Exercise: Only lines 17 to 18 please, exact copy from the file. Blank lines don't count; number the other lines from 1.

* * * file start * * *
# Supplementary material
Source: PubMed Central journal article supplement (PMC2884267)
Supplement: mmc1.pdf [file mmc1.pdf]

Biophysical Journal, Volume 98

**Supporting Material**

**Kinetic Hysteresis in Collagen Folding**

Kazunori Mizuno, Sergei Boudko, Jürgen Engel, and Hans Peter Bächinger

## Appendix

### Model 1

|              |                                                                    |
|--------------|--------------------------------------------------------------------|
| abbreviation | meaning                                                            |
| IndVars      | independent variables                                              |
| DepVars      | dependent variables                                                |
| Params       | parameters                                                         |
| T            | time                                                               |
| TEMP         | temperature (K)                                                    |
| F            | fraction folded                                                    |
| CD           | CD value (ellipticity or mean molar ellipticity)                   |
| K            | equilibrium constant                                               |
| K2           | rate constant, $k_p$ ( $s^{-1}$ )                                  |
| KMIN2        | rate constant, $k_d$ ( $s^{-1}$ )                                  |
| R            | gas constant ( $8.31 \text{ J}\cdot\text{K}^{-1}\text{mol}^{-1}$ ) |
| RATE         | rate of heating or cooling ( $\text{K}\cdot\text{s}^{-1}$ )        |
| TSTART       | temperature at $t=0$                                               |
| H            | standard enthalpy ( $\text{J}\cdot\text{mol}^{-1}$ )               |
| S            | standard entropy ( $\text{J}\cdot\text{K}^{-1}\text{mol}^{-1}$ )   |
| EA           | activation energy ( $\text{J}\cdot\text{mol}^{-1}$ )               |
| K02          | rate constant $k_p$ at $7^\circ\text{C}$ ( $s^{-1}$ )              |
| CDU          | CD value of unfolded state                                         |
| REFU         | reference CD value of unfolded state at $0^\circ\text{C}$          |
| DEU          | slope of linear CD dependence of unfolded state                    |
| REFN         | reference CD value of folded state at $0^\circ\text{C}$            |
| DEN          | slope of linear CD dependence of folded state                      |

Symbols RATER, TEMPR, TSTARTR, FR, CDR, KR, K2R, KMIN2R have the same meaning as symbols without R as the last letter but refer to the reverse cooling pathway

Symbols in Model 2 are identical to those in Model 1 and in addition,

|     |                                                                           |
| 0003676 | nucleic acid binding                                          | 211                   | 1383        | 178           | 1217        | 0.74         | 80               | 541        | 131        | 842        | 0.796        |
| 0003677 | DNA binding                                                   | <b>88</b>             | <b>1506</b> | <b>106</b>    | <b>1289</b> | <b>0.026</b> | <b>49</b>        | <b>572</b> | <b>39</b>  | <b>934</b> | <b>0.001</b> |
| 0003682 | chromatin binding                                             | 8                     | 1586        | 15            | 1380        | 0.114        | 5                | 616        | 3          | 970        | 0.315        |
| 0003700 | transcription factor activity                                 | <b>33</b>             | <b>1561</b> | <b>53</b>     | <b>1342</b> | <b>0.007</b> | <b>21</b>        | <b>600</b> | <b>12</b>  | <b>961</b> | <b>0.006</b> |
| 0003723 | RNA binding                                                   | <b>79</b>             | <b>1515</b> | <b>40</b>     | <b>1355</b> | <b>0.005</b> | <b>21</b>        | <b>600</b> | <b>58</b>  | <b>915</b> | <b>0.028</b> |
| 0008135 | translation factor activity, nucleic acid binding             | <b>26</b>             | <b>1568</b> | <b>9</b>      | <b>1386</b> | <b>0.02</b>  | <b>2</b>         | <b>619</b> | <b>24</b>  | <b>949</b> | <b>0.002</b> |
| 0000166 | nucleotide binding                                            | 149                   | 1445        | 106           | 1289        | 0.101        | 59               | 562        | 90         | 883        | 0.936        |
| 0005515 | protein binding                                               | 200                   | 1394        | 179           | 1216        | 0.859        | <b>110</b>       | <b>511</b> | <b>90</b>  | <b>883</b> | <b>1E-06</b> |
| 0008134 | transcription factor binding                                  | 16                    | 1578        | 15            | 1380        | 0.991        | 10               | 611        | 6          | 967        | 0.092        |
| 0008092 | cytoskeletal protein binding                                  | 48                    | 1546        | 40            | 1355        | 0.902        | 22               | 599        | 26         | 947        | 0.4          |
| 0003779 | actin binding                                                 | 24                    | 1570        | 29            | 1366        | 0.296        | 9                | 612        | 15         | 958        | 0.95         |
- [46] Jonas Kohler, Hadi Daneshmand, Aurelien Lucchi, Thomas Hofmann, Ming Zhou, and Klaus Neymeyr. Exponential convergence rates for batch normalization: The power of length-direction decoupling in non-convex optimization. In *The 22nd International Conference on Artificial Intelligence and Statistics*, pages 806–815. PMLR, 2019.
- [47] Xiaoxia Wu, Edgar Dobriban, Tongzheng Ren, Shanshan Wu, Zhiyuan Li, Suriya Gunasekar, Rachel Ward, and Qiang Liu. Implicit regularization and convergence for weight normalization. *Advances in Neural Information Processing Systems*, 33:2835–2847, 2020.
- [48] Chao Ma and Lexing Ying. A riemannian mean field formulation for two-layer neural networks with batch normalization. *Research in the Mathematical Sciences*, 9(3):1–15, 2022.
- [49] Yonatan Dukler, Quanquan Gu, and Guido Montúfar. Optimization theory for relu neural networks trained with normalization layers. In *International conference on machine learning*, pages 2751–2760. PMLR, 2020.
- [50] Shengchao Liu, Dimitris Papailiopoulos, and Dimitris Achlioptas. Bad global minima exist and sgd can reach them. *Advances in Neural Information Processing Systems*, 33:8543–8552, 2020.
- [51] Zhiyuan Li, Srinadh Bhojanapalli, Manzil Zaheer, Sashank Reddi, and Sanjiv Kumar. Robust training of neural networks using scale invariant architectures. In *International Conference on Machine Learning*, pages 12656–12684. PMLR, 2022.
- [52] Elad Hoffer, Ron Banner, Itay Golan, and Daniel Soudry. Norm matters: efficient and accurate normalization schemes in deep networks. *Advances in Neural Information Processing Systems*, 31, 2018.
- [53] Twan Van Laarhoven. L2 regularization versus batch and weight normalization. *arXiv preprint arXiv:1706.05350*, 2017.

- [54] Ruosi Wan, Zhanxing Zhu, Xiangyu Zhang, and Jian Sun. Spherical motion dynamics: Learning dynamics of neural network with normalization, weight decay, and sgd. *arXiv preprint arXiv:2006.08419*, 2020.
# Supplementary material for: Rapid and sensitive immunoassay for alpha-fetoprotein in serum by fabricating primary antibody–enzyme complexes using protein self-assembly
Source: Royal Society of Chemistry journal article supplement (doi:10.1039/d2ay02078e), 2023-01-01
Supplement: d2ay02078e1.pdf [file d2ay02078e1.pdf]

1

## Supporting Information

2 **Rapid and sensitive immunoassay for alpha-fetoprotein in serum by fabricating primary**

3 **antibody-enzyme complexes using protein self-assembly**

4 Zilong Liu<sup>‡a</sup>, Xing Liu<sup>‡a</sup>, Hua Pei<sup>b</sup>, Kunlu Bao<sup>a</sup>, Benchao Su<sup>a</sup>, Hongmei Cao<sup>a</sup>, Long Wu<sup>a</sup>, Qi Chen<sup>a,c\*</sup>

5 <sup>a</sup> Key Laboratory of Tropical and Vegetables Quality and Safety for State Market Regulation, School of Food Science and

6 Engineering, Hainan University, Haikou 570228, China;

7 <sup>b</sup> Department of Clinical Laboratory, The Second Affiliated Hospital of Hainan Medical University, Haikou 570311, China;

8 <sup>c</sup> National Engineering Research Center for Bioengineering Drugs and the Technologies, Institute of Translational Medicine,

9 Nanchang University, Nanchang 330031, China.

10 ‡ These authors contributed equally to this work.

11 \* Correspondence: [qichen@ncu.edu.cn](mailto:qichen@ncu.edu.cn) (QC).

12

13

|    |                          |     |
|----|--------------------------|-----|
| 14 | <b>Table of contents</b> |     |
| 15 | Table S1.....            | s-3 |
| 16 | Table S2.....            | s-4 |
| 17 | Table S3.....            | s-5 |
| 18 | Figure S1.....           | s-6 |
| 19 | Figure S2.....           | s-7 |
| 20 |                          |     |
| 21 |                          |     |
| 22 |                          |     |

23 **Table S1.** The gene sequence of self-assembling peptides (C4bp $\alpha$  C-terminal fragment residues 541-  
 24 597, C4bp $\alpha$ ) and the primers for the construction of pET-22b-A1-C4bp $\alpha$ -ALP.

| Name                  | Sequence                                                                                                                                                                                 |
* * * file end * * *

| TEMP         | temperature (K)                                                    |
| F            | fraction folded                                                    |